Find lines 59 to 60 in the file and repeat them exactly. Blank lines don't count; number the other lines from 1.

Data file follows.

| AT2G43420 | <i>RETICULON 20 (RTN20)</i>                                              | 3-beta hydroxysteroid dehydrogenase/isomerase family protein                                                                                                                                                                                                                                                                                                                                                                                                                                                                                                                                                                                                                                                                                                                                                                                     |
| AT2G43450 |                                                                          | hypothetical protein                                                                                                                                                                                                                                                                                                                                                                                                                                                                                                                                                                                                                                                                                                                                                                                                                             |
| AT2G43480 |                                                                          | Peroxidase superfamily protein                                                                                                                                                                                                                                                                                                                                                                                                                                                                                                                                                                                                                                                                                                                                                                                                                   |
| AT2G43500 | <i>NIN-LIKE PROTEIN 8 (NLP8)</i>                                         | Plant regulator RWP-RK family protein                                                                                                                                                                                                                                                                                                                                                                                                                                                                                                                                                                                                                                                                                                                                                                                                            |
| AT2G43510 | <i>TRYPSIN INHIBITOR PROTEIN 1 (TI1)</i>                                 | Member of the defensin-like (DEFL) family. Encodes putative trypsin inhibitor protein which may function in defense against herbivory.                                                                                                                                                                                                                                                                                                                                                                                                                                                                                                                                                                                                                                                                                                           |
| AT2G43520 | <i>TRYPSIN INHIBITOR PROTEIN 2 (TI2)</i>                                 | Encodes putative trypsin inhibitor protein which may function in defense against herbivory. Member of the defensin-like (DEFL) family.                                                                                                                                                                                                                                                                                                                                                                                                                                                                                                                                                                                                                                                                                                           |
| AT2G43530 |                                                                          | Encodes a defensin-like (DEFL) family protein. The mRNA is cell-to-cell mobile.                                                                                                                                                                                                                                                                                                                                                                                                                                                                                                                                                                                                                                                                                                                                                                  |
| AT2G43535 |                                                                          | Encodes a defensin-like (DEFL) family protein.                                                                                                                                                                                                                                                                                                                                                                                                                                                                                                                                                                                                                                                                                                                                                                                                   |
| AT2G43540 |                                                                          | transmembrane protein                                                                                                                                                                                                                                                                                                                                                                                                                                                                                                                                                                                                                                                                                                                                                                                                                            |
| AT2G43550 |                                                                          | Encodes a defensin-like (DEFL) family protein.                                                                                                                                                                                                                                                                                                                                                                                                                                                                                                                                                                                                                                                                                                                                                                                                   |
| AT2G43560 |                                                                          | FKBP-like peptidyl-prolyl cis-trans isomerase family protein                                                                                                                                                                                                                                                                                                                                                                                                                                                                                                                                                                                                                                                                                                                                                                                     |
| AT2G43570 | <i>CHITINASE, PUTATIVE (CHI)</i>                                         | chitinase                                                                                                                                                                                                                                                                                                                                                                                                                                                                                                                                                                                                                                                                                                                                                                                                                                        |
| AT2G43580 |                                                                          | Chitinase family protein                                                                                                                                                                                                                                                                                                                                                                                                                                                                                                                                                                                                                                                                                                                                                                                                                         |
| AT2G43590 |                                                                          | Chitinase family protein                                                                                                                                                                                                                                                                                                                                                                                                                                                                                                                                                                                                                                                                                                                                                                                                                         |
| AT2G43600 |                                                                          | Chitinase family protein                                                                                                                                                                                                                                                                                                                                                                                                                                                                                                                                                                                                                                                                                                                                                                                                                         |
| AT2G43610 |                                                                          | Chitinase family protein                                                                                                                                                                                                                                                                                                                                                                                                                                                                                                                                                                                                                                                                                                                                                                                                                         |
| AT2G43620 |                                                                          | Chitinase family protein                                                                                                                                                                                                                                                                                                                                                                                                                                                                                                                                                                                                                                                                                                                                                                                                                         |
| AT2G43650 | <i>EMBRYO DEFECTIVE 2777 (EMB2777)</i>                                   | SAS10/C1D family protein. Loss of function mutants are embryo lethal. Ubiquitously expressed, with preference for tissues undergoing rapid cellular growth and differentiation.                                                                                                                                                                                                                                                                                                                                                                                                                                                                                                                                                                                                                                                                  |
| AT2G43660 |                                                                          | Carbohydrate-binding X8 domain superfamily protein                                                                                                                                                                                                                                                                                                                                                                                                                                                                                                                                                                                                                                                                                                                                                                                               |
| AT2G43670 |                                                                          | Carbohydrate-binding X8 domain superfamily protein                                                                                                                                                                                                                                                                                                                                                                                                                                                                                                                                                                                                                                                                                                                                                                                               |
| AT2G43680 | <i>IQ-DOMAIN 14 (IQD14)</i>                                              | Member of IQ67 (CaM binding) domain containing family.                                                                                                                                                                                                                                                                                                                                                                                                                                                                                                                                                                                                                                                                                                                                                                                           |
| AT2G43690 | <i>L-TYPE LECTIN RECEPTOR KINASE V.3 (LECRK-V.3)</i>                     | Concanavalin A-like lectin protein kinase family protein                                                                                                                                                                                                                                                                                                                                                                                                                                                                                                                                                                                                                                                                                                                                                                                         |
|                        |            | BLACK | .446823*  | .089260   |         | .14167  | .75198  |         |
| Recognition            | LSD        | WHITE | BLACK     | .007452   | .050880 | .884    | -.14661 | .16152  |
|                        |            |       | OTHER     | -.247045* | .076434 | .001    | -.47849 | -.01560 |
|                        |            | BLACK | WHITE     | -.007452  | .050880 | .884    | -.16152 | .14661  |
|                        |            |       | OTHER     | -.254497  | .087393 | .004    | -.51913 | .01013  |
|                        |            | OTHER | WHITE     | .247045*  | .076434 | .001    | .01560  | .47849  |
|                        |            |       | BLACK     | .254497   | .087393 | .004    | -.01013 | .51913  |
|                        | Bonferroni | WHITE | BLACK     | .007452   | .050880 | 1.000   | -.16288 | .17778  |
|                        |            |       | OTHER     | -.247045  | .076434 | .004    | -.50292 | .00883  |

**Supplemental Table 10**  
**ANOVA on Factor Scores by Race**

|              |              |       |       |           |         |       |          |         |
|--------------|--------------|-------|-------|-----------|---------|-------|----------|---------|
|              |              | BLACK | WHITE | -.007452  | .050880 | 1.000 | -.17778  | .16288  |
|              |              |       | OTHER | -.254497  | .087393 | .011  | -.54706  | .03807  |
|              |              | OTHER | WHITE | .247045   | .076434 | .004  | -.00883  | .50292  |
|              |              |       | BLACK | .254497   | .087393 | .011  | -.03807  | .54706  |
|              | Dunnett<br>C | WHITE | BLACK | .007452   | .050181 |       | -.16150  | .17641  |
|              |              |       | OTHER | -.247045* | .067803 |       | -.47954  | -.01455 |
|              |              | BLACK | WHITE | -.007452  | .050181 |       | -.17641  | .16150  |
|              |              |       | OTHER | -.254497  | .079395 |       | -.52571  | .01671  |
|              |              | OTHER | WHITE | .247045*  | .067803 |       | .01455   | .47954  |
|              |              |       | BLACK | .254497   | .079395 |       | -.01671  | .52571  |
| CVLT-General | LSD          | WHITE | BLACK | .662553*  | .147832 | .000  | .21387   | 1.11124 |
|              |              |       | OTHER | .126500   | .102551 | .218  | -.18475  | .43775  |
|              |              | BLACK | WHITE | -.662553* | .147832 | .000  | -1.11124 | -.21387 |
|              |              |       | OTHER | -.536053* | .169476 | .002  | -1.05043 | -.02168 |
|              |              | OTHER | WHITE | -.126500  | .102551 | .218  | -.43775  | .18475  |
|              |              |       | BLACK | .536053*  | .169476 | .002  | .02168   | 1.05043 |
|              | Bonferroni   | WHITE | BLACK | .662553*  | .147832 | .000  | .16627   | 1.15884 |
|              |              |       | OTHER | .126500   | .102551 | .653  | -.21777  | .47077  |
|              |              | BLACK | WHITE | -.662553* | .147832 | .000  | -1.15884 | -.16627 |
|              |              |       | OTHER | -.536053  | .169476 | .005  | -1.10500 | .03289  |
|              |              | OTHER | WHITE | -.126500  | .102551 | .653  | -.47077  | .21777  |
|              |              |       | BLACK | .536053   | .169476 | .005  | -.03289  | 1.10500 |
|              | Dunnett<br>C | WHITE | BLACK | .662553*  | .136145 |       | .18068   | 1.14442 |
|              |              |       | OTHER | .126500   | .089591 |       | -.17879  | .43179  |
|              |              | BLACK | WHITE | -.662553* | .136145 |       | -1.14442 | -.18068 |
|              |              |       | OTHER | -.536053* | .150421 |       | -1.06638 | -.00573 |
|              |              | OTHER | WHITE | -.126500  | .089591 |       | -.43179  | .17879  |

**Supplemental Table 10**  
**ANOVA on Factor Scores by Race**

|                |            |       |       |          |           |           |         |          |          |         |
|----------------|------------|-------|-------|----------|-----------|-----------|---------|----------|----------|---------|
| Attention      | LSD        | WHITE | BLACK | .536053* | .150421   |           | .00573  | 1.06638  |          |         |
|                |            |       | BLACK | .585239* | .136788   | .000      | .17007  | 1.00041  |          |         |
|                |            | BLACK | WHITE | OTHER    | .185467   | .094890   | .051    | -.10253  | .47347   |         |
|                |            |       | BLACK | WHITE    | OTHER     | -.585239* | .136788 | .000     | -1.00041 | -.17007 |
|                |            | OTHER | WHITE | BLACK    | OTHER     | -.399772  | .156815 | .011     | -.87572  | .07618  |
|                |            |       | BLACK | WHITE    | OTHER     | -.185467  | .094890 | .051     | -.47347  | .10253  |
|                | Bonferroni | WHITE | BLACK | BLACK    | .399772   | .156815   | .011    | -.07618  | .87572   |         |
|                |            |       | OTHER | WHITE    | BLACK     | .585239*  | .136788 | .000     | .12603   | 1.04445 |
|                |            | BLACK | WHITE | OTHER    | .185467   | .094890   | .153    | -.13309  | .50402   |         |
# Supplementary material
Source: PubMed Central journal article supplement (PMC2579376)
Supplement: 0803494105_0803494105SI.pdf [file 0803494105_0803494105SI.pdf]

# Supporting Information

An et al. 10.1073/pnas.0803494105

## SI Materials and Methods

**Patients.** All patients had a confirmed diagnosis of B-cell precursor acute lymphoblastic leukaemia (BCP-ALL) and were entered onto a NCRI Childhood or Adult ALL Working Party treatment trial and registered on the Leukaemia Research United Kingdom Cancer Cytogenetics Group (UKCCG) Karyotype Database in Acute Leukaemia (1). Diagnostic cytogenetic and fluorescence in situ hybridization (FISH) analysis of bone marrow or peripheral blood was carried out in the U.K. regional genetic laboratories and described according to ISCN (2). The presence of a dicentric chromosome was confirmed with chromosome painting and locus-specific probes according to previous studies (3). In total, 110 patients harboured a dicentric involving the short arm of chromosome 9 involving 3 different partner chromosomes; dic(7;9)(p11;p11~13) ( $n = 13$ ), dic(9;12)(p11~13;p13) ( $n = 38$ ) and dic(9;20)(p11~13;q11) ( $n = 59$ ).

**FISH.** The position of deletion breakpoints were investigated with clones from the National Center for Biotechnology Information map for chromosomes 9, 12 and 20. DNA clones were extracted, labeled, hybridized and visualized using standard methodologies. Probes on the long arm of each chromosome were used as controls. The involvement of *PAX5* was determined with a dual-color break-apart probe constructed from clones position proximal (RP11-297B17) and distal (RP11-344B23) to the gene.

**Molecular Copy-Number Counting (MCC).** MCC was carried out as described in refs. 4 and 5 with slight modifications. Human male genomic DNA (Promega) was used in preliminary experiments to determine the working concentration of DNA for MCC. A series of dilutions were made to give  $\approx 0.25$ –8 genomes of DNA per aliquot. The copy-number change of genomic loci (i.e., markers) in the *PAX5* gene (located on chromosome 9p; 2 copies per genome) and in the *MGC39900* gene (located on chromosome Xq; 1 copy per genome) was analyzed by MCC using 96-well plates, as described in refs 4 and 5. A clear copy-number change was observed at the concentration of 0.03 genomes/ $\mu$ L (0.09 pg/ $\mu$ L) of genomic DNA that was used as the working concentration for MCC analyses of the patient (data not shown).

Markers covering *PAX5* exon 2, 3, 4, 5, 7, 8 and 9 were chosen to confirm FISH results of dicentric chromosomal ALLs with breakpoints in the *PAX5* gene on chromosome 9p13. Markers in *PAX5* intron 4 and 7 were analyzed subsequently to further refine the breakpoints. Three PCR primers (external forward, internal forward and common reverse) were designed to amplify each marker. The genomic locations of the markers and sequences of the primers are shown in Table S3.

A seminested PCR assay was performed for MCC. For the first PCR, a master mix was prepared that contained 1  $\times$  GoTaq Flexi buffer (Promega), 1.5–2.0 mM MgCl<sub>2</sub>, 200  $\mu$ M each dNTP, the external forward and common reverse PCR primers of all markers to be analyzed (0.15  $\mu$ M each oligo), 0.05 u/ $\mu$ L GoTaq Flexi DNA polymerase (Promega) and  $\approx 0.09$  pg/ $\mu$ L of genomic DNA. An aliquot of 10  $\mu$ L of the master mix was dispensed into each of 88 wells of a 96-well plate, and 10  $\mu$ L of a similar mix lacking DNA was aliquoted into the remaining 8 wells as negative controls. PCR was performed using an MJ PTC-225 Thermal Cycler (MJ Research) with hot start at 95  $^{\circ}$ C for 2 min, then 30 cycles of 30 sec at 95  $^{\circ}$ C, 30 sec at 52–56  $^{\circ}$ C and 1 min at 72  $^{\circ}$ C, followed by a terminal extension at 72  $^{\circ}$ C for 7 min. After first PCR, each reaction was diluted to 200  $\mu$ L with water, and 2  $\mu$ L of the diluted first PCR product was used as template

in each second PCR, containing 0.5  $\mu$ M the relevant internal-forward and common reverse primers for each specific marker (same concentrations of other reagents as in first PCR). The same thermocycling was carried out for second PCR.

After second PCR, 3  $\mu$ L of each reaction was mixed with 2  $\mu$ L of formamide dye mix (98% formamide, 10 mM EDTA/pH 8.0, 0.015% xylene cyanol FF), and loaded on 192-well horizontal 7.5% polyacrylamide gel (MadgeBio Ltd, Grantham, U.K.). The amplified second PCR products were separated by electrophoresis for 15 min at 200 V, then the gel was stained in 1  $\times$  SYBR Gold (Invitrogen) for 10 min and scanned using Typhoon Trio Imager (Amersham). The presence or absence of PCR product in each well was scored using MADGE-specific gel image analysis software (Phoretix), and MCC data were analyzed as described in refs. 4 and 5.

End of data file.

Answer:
|              |              |       | OTHER | .126500   | .089591 |       | -.17879  | .43179  |
|              |              | BLACK | WHITE | -.662553* | .136145 |       | -1.14442 | -.18068 |